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They met by chance when Covid struck and the result was a lockdown love story like no other


Anthony had arrived late and kept us all waiting at the dinner table, and I was tired, sullen, and longed to go to bed.

It was the first evening of my vacation in France so I apologized as soon as I could leave the room.

And then I heard the dreaded phrase my host muttered as I closed the door. "Her name is Blanche and she's 12 weeks pregnant," he said confidentially, making me spat in anger that my secret had been revealed to a total stranger.

The fact that I had a baby through a sperm donor alone wasn't something I wanted to talk about. To be single and childless at the age of 42 has been a source of great shame for me.

Blanche (42) and Anthony (63) (pictured together with Ottilie) met by chance when Covid struck and the result was a lockdown love story like no other

It wasn't that I thought something was wrong with a woman my age who had no children: it was that I always wanted to have children and I felt that I had failed. When I was growing up, everything worked out fine. At 30 I would have my first child and shortly afterwards my second.

When I got married at 31, I was a little wrong, but the situation still seemed promising. However, my marriage faltered far too soon, and when I was 35 years old we filed for divorce.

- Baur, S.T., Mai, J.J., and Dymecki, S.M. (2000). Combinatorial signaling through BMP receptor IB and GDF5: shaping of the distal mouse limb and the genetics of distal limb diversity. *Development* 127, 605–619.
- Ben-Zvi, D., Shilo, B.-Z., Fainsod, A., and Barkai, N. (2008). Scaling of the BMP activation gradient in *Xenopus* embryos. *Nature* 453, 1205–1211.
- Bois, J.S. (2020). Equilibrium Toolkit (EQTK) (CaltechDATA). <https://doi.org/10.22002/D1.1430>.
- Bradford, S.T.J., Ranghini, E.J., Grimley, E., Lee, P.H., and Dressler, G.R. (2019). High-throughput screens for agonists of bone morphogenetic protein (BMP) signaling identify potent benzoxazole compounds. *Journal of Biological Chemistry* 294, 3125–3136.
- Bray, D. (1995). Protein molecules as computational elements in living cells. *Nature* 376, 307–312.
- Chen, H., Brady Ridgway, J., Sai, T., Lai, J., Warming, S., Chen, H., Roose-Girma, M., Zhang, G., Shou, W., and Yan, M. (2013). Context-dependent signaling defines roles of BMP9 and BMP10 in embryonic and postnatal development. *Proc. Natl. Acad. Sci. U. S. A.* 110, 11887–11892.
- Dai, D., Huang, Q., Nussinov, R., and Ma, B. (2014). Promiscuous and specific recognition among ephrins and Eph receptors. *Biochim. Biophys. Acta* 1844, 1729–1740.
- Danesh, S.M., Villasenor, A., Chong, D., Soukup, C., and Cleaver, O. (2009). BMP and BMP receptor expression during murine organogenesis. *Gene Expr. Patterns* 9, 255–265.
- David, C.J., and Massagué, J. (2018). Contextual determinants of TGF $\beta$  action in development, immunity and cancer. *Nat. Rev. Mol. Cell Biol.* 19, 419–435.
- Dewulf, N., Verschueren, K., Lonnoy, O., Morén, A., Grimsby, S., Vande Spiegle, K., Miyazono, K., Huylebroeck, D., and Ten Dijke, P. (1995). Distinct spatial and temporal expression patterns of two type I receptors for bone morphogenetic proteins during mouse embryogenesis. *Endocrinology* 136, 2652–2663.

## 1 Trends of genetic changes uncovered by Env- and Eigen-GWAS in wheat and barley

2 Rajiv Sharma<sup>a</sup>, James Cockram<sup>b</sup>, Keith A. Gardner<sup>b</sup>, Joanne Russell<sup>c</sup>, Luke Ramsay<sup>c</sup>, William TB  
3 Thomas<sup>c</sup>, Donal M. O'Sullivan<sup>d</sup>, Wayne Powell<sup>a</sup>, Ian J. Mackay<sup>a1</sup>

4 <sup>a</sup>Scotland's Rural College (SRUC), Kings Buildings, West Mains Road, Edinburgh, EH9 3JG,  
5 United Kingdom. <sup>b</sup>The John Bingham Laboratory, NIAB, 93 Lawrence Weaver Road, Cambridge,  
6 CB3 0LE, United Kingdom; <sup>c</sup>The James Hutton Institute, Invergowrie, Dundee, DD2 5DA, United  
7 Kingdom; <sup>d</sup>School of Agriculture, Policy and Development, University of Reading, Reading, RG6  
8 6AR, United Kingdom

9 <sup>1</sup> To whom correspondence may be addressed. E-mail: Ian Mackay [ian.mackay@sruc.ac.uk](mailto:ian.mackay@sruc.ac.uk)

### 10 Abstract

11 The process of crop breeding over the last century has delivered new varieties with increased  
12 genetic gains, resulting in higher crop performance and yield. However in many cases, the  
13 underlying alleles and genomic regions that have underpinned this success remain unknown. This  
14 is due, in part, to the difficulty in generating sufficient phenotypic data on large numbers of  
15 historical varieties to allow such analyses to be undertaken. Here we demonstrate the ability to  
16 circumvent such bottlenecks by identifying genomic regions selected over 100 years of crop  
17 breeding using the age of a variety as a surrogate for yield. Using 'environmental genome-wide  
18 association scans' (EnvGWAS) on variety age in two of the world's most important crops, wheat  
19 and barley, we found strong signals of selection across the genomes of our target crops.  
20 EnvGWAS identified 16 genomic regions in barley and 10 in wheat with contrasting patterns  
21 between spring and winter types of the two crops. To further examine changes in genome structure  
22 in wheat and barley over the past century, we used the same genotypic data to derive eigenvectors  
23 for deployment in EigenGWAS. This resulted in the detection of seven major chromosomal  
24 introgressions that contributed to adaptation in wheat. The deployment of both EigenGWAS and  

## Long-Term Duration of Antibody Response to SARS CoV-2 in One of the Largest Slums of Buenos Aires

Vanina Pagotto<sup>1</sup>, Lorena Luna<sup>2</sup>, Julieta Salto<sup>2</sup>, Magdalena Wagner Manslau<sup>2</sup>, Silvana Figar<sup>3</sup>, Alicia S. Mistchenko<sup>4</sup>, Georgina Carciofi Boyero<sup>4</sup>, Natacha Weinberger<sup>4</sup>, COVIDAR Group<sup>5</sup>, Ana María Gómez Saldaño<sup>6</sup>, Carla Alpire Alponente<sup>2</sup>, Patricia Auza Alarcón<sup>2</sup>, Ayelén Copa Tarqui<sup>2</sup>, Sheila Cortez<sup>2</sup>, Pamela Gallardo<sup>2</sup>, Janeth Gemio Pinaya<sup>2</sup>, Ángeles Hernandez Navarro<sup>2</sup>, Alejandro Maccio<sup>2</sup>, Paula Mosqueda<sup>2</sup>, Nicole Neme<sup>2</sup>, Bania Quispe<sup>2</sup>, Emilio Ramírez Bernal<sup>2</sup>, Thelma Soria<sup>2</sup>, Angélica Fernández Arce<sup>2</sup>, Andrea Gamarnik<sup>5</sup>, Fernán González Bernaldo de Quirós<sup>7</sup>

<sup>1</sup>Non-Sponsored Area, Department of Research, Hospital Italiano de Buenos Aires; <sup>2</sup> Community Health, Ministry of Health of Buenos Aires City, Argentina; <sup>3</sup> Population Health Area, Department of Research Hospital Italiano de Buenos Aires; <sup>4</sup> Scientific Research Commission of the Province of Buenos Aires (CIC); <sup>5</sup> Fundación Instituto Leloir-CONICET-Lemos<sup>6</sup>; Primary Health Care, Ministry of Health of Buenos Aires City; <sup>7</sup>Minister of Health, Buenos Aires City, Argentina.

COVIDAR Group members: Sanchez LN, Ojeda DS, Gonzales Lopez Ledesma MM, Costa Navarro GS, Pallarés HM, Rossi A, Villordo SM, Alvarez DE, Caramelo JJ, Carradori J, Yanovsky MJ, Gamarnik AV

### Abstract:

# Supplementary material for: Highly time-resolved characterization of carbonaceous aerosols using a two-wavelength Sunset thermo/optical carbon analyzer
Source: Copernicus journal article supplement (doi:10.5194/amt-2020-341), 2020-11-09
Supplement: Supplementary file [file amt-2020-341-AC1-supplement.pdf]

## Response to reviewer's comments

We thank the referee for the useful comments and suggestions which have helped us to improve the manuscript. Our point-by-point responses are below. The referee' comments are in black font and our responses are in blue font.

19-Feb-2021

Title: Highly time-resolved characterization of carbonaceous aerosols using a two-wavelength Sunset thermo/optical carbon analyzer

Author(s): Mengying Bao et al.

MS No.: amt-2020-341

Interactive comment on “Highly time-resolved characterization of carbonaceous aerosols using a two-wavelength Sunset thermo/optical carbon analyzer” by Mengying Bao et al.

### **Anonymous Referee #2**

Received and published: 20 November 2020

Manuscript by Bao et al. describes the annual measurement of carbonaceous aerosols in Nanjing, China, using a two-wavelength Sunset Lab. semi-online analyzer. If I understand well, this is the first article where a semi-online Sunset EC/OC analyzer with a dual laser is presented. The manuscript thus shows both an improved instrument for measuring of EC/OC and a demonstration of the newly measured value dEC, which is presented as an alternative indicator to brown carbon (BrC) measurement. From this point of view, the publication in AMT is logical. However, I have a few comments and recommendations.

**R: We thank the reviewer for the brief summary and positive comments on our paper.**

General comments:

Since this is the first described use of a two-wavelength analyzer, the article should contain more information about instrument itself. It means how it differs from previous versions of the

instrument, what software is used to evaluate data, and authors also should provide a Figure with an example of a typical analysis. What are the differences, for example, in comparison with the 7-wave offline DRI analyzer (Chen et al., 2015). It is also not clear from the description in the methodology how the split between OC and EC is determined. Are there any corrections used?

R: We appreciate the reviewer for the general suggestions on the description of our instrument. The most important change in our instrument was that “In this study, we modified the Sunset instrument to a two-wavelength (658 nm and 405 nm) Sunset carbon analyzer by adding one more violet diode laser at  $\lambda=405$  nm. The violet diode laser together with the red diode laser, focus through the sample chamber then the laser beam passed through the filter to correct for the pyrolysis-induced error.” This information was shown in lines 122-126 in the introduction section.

At 35, female fertility begins to decline rapidly; I couldn't have been more aware of the fact. At 40, with a series of unsuccessful connections behind me, I became desperate.

And then I met & # 39; Mr Right & # 39 ;. He was funny, intelligent, interesting, and great company. I could see me growing old with him and I really wanted his children.

But within a year we were looking for relationship counseling.

"I really want to have a baby," I said.

Blanche said it was a huge shame to be single and childless at the age of 42, which led her to use a sperm donor (pictured with her daughter) to have a baby of her own.

Blanche said it was a huge shame to be single and childless at the age of 42, which led her to use a sperm donor (pictured with her daughter) to have a baby of her own.

"I love her, but I don't want a child," he said.

"Well, that's a deal breaker," said the agent. And she was right.

I was totally devastated. I had always thought that the challenge was to find the right partner: it had never occurred to me that this very man would not want to have a child. But he didn't and I did and there was nothing we could do about it.

That Christmas I sat in tears through a school song concert. The stage was lined with children singing sweetly while their parents proudly watched around me.